Belgian Jewish Life in the different Belgian archives

The Antwerp City archive is only one of the many archives which has useful files for researchers on Jewish topics

Just as in other countries, Jews also left traces (and still are leaving traces) in Belgium: The oldest trace is a gravestone in the Flemish city Tienen (French: Tirlemont) of a girl who was known as Rebecca, daughter of Mozes. She passed away in the Jewish year 5016 which corresponds with the Gregorian calendar as 1255-1256.

Other traces of Jewish life are to be found in:

  • documents: from the Middle Ages through the French Revolution up until now, documents by occupiers of the country (decrees and edicts for the general population or against the Jews specifically), documents by resistance fighters, documents by Governments, documents by the Jewish communities, etc.
  • biographies
  • chronicles like ‘Maagel Tov’ (see by Rabbi Chaim Joseph David Azulai who was also known as the Chida (1724 – 1 March 1806) , whose travels took him also to Belgium
  • gravestones
  • photoa’s
  • etc.

I found it exciting to read about a project by some academics and the Belgian State Archives who have been working for some months on the compilation of a Guide to Archives related to Judaism and the Jewish population in Belgium in the 19th-20th century. The makers of the guide intend to collect all details of all archival material from as many instances a possible such as the Belgian Government, local communities, Jewish communities, everything related to the holocaust, the alien archives (in which many Jewish immigrants can be found), pamphlets, poster, plans from synagogues, etc.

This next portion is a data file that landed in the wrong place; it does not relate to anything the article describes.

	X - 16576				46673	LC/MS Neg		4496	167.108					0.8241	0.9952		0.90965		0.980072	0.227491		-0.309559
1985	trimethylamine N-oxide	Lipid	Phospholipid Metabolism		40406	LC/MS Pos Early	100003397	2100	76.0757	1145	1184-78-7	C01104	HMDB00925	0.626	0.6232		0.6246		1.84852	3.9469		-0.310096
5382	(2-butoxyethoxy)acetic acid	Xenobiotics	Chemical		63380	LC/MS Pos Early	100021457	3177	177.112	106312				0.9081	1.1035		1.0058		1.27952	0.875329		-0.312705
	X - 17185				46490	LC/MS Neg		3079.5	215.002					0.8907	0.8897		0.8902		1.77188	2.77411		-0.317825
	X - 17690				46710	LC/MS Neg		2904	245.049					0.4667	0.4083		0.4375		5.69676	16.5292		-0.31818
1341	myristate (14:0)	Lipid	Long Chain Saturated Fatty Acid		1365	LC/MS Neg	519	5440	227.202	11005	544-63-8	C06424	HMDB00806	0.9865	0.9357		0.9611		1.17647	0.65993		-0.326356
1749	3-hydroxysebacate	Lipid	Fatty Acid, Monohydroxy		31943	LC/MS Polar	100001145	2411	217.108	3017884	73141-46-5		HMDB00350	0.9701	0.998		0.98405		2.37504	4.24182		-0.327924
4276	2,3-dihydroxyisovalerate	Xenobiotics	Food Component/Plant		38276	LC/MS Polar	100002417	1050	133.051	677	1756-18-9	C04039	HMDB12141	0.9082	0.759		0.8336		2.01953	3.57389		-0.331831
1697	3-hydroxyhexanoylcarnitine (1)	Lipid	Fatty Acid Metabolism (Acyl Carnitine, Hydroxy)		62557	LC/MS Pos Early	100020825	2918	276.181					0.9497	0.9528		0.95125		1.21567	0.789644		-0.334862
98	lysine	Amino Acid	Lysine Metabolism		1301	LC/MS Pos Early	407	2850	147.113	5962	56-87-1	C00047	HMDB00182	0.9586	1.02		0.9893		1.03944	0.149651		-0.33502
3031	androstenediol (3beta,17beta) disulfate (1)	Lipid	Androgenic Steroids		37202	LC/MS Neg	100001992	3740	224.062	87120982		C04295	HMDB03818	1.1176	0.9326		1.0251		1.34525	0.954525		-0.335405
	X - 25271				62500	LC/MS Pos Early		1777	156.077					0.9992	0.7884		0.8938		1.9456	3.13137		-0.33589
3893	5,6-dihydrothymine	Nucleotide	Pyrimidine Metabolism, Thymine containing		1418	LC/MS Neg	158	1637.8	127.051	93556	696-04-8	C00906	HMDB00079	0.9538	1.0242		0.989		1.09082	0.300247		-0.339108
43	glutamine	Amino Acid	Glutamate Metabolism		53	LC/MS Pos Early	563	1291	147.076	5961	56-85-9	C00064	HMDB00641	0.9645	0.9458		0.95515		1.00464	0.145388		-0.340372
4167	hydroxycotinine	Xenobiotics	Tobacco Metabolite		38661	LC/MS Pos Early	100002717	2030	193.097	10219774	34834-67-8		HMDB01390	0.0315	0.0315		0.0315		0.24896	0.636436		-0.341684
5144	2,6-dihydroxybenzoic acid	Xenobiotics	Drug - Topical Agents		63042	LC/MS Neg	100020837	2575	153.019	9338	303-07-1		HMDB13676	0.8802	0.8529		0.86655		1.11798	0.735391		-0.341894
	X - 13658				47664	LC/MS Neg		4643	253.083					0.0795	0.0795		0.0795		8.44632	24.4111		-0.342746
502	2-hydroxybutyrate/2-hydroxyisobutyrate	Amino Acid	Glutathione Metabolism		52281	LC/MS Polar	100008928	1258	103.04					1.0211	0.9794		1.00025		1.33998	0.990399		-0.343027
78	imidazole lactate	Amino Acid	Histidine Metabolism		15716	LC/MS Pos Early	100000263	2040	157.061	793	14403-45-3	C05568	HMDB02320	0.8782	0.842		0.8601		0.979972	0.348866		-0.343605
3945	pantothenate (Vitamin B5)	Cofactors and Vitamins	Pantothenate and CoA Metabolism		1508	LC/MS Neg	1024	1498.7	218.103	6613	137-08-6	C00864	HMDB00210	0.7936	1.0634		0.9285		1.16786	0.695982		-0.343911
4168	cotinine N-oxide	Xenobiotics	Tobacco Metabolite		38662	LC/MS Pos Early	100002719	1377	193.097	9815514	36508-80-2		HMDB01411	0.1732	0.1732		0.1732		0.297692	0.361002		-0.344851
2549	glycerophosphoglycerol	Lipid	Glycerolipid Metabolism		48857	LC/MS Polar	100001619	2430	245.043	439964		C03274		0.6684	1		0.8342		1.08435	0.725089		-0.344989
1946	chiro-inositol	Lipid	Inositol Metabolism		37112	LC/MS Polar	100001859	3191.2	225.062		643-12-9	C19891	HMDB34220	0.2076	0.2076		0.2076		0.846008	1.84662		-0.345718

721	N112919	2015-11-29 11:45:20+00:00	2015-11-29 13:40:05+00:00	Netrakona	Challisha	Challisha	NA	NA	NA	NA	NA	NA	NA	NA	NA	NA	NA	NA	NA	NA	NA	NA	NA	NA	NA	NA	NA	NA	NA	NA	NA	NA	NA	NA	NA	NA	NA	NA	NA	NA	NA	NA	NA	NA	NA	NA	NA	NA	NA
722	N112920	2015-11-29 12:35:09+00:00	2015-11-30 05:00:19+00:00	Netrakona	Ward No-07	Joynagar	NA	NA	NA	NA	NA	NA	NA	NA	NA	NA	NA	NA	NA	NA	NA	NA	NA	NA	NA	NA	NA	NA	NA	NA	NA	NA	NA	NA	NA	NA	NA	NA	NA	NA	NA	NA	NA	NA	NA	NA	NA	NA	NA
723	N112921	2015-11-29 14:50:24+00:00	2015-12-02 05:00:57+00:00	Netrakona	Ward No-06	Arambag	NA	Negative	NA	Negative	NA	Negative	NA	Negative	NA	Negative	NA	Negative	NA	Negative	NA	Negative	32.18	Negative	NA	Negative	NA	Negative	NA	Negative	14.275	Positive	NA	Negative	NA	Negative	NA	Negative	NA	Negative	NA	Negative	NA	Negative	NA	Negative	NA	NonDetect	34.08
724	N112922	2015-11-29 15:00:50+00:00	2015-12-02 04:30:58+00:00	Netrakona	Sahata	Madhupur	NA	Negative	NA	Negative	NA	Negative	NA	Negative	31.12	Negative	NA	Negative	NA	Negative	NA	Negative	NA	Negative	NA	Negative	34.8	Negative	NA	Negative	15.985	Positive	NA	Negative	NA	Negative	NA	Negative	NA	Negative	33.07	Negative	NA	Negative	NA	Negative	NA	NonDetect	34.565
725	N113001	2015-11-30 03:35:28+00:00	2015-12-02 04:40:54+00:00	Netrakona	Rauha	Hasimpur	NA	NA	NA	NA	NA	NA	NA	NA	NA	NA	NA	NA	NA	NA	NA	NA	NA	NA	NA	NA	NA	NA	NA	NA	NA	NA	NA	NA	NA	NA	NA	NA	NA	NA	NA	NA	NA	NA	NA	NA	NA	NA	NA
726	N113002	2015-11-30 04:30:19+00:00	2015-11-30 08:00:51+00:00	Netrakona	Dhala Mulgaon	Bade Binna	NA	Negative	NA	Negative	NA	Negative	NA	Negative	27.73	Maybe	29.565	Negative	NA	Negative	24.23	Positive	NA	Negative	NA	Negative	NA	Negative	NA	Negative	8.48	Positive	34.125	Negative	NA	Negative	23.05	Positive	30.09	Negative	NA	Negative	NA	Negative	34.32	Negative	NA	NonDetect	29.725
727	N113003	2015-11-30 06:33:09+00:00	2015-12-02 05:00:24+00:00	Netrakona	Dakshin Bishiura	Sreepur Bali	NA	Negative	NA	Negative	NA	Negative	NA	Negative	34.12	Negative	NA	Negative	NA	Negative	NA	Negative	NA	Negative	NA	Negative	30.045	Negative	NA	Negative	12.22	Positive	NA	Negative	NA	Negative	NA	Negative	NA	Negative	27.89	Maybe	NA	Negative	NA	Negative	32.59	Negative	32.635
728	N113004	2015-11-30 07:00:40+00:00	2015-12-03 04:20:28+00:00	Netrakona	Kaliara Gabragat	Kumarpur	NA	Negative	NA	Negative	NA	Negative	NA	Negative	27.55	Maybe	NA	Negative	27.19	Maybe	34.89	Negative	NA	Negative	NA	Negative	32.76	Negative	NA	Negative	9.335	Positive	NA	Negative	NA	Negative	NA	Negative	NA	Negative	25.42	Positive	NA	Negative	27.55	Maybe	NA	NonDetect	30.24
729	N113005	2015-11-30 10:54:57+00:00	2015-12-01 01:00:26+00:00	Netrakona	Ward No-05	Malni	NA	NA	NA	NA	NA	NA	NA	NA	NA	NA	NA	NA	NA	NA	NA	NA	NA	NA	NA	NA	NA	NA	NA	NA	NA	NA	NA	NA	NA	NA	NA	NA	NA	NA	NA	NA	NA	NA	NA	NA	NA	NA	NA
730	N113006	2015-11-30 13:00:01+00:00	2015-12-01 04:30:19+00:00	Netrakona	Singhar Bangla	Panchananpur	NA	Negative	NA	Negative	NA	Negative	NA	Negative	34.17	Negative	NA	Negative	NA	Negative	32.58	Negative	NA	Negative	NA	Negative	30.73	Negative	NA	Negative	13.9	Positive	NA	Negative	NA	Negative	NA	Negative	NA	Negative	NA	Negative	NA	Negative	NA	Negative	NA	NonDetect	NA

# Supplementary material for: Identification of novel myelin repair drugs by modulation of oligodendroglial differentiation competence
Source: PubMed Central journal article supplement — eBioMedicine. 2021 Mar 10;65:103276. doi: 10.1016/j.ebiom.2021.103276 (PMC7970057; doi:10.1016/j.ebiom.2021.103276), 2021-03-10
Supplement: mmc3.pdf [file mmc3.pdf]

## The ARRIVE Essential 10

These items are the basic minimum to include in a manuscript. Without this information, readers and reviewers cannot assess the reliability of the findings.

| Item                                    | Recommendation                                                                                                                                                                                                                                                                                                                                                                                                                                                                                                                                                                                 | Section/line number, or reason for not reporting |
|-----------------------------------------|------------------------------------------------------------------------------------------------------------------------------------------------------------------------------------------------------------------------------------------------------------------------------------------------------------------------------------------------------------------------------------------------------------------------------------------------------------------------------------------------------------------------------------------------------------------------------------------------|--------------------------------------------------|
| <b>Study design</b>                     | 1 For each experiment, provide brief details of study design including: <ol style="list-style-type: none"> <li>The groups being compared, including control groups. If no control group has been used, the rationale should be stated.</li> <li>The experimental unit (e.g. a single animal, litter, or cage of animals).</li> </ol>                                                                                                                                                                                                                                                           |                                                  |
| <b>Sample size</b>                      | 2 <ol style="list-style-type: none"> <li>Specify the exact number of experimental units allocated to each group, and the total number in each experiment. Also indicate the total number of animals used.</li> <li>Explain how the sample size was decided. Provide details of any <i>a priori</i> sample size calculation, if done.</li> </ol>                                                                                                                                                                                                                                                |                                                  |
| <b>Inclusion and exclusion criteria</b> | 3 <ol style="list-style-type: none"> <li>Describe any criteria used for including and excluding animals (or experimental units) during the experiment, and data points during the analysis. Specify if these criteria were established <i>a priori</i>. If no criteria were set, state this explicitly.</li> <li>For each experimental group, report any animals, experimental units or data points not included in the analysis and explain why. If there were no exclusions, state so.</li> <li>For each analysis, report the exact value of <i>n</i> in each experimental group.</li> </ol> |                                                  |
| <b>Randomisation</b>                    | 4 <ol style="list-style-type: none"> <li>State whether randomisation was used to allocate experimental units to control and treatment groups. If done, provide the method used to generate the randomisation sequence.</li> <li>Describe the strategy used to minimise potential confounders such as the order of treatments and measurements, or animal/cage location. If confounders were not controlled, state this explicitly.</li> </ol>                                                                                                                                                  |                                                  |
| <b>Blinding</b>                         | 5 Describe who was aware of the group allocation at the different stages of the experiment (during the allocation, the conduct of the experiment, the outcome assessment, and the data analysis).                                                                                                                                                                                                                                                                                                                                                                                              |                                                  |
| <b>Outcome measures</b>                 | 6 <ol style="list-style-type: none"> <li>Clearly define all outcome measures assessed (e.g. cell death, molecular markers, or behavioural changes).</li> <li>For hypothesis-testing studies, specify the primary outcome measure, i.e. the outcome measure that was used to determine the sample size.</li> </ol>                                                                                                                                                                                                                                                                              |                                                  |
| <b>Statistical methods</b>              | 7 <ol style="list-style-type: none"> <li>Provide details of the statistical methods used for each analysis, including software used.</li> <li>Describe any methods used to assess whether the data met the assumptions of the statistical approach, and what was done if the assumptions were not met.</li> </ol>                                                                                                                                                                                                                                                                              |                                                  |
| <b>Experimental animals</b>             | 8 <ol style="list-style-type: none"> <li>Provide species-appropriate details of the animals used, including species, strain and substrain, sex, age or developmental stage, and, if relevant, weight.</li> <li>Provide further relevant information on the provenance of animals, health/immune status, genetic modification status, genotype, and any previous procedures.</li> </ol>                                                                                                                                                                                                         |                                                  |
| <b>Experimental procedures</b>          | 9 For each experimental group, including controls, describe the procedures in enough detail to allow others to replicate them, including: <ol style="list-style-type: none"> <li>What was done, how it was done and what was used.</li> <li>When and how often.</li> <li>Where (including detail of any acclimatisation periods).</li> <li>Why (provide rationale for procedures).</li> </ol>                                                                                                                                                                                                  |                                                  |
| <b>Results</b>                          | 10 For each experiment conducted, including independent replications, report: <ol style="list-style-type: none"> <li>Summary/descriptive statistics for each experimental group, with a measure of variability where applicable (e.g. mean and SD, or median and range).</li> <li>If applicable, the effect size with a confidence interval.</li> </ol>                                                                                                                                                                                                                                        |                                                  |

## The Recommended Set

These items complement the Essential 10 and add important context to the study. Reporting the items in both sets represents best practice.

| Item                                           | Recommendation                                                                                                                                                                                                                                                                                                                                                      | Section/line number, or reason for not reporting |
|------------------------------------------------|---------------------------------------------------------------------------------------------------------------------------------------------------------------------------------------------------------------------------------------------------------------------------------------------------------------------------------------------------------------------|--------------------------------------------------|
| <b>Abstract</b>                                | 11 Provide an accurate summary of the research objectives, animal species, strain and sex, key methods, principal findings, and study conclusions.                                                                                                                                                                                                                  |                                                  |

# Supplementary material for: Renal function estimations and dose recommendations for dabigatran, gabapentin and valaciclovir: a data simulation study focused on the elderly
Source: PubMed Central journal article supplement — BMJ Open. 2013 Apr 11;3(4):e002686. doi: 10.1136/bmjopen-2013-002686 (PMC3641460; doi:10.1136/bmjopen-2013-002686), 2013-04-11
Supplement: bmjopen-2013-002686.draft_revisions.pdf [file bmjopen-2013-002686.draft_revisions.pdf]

All these records are dispersed over different institutions which make it hard to do a full research on any subject pertaining to Belgian Jewry without having such a guide with an inventory. The group hopes to identify both the existing sources on Judaism and the Jewish population in Belgium and it also hopes to track new and forgotten archive files. The new guide should hand historians an invaluable tool with which they can refine and broaden their analysis and knowledge. Moreover, it will not only appeal as a tool to professionals and academics, but also to the general public because the archives will be more accessible and appear less as a closed wall.

You can read more about this project in the magazine Science Connection n ° 38 of the Belgian Science Policy Office (in Dutch:, in French:

In the meantime, some of the good bibliographies I’d like to recommend are:

  • Jacques Déom (red.), “Les Juifs en Belgique. Guide bibliographique”, Fondation de la Mémoire contemporaine, Bruxelles, 2008. p 140
  • J.-P. SCHREIBER, “Joodse gemeenten, instellingen en organisaties”, in G. VANTHEMSCHE, P. VANEECKHOUT (red.), Bronnen voor de studie van het hedendaagse België (19de-20ste eeuw), Brussel, 2009, pp. 1129-1149 – (available online:
This entry was posted in Genealogy. Bookmark the permalink.

Leave a Reply

Your email address will not be published. Required fields are marked *